Driving venture capital into the future
Like the startup companies it fledges, the venture capital industry is adapting to market opportunities.
While most VC firms are based in places such as Silicon Valley, Seattle and New York City, there has been a shift towards the Midwest in recent years to tap into the talent coming out of large universities in the region.
And as e-commerce, artificial intelligence, “smart” devices, mobile apps and social media occupy increasingly more aspects of our lives, these firms are starting to realize they need to utilize software engineers the same way the businesses they invest in do, said Zach Boerger.
“Not only is it atypical for engineering students to intern at venture firms, it’s pretty unusual for venture firms to have any software engineers on staff.”
Columbus-based Drive Capital has both. Drive Capital was founded by Mark Kvamme and Chris Olsen in 2012, after successful stints as partners at renowned Sequoia Capital, a VC firm that has backed many Silicon Valley tech companies including Apple and Google.
Boerger earned his computer science and engineering degree at The Ohio State University and now is the director of engineering at Drive Capital. For the past few years, Boerger and his small team of engineers have been developing an internal application to help the investment team at Drive “build a market map of companies” in order to analyze and monitor future investment opportunities.
“There’s only so many companies that we can talk to in a given day or week,” Boerger said. “We’re basically just trying to use software and machines for what they are good at and let people focus on what they are good at.”
The software they have been developing allows them to do multiple things, from tracking headcount overtime to monitoring tagged companies and alerting them if any of them have new funding rounds.
Initially, Boerger was the only engineer at Drive, and his primary goal was to develop software to help his Drive colleagues work smarter.
Boerger quickly realized, however, that there was more to be done than he could do alone. He suggested they bring on Brandon Mills, a computer science and engineering student he had met at Ohio State, in an internship role for a few months to help out.
Mills “knocked it out of the park” according to Boerger, and the internship program at Drive Capital was officially launched. After Mills became a full-time engineer at Drive, Alex Tareshawty was hired.
Tareshawty, a fourth-year computer science and engineering student, said he first found out about the internship program from Mills, who used to be his roommate. He invited him to one of Drive’s “hack nights,” where Tareshawty was first able to see the work he could potentially do at the firm.
“They invite some engineering students to their office and … either talk about what a portfolio company is doing or some cool tech they’re working on,” Tareshawty said. “It’s just a chance for people to get together to talk about engineering stuff.”
Apart from his work on the internal tool to make it easier for the partners at Drive to share information about the people and companies they are meeting, Tareshawty said one of the cool things about the job was learning about the venture capital industry in Columbus.
“I got to sit in on some partner meetings and learn a lot about how venture capital works,” he said. “I learned a lot about the startup scene in Columbus and how you can build businesses.”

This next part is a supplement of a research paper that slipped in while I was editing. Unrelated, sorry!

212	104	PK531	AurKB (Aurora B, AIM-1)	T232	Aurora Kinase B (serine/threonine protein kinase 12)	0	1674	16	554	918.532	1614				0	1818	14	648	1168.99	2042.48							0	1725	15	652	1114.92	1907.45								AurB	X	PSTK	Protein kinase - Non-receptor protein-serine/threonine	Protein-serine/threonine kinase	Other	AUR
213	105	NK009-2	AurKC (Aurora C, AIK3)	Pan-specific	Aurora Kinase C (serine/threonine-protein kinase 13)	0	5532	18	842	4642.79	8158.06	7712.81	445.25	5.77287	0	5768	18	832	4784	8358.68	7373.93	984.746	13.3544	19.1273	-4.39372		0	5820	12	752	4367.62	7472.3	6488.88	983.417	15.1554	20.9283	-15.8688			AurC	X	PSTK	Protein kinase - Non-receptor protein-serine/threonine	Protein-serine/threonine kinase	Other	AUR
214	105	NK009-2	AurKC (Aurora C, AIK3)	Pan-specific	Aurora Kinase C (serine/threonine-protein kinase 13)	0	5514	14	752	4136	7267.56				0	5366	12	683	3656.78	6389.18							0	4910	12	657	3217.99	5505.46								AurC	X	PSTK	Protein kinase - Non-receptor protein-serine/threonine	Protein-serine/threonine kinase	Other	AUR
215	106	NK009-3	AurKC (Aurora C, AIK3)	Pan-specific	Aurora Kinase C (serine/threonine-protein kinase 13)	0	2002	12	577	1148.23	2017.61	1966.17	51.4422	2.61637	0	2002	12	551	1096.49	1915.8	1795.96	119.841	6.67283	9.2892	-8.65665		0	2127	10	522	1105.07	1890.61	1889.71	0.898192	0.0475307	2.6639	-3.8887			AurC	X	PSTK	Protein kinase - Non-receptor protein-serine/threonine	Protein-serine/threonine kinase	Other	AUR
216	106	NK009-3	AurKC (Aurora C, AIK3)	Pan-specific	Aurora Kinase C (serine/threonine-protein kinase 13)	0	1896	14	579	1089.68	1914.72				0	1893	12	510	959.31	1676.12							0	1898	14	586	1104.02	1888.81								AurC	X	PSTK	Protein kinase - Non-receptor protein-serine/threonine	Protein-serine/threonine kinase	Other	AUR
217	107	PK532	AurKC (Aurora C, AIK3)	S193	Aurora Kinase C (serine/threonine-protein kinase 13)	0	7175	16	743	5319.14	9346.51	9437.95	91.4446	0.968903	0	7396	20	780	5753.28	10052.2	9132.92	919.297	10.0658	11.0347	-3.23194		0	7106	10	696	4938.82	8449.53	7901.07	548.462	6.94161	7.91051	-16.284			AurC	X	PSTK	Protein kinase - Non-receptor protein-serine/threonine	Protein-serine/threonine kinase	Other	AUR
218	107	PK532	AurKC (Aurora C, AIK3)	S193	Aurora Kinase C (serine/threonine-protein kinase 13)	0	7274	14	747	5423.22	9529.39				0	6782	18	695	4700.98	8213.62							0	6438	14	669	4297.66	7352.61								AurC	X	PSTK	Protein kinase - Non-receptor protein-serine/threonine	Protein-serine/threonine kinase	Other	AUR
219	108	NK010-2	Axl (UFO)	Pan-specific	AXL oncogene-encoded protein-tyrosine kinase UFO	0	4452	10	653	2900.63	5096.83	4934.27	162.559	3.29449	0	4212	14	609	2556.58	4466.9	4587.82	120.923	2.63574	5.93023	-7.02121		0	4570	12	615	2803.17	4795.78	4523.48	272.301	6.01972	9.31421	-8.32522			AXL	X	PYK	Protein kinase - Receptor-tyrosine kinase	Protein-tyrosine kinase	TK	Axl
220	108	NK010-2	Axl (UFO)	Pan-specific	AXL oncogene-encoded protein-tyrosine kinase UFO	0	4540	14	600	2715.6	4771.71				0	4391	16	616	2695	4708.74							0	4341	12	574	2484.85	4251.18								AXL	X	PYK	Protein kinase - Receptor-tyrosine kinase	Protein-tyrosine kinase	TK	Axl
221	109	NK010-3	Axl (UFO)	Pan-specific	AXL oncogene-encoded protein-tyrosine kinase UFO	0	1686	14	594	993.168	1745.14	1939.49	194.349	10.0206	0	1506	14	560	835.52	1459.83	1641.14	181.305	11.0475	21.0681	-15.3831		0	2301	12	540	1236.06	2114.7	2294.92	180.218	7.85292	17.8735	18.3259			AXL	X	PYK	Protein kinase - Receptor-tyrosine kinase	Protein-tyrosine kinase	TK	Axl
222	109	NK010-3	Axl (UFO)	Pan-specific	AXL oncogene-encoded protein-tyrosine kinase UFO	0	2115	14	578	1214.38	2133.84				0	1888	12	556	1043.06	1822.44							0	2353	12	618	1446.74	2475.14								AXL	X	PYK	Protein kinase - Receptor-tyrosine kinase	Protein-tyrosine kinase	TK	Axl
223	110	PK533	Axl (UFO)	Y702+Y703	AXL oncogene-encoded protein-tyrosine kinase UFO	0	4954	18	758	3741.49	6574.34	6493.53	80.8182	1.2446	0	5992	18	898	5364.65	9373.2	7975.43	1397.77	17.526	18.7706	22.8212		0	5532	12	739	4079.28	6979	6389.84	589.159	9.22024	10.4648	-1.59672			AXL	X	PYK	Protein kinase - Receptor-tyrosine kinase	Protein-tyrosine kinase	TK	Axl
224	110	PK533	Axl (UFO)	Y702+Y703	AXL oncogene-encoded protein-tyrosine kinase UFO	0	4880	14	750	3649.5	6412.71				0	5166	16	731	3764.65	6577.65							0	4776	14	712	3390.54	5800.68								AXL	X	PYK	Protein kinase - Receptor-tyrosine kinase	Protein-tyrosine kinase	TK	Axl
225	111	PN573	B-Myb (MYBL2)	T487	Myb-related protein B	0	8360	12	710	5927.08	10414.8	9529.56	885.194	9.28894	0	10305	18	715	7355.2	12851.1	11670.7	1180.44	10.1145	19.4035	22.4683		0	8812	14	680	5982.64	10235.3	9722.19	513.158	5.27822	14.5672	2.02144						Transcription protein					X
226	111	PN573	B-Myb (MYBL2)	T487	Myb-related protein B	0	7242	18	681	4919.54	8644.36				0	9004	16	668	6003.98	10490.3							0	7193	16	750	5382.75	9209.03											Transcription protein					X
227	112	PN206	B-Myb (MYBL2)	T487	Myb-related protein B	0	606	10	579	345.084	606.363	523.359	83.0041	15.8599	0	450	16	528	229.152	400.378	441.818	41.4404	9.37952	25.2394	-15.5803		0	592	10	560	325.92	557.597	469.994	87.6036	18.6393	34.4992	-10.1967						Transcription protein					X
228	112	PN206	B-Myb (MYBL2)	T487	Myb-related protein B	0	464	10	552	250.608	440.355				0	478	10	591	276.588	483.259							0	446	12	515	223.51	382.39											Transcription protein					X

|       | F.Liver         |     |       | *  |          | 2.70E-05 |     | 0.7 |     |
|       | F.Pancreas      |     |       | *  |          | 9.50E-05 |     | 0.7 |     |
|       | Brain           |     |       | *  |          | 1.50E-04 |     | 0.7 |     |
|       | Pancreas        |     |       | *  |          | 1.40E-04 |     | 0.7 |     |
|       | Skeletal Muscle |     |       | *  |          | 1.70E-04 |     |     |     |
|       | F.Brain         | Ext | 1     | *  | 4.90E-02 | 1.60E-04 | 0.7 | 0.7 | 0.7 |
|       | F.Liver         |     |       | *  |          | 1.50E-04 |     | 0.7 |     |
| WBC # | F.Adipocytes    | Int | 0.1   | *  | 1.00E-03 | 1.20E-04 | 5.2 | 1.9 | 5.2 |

Tareshawty now interns at Root Insurance, a portfolio company of Drive Capital. He said his work at Root has been different but very interesting, and has signed to work there full-time after graduation in the spring. Mike Letscher, another Ohio State student, filled the intern role after Tareshawty and was hired by Finite State, also a Drive Capital portfolio company.
The current intern at Drive is Alisa Noll, a recent graduate from Ohio State in industrial engineering, who has brought a different skill set to Drive than past computer science major interns. Boerger said she runs circles around him and Mills when it comes to all things stats and actually analyzing them.
“The other interns that they have had have been more development-heavy, meaning that they make the actual software, whereas I am the first intern that they’ve hired that has been data analytics heavy,” Noll said. “My whole role is focused on looking at the data they’ve collected and finding a way to implement it.”
Noll plans on leaving Drive in June to work for Boston Consulting Group, where she said she’ll hopefully be doing a lot of the same work she has been doing since becoming an intern in September.
“I do think that no matter what field I ended up in, I would love to be at the cross between business and data science,” she said.
With Noll’s departure date only a few months away, Boerger said he has begun to work on repopulating the internship. He said that he would love to have at least one intern on staff at all times, and that the multi-dimensional engineering talent coming out of Ohio State is a great fit for the job.
“I think Ohio State is an awesome talent pool,” Boerger said. “If you’re interested in really understanding the kind of weird venture capital startup world that most people don’t get exposed to, then you’ll learn a ton about that just by osmosis from being here.”
Additionally, he said the experience of working at a smaller company like Drive or one of their portfolio companies allows interns to make more of an impact and adapt their internship experience to cater to their specific interests or strengths, similar to how VC firms are adapting too. Noll agreed.
“You’ll have a lot more responsibility if you take a chance on smaller company,” she said. “Drive has been investing in awesome companies all across the Midwest that you’ll probably grow so much in.”
by student writer Zach Konno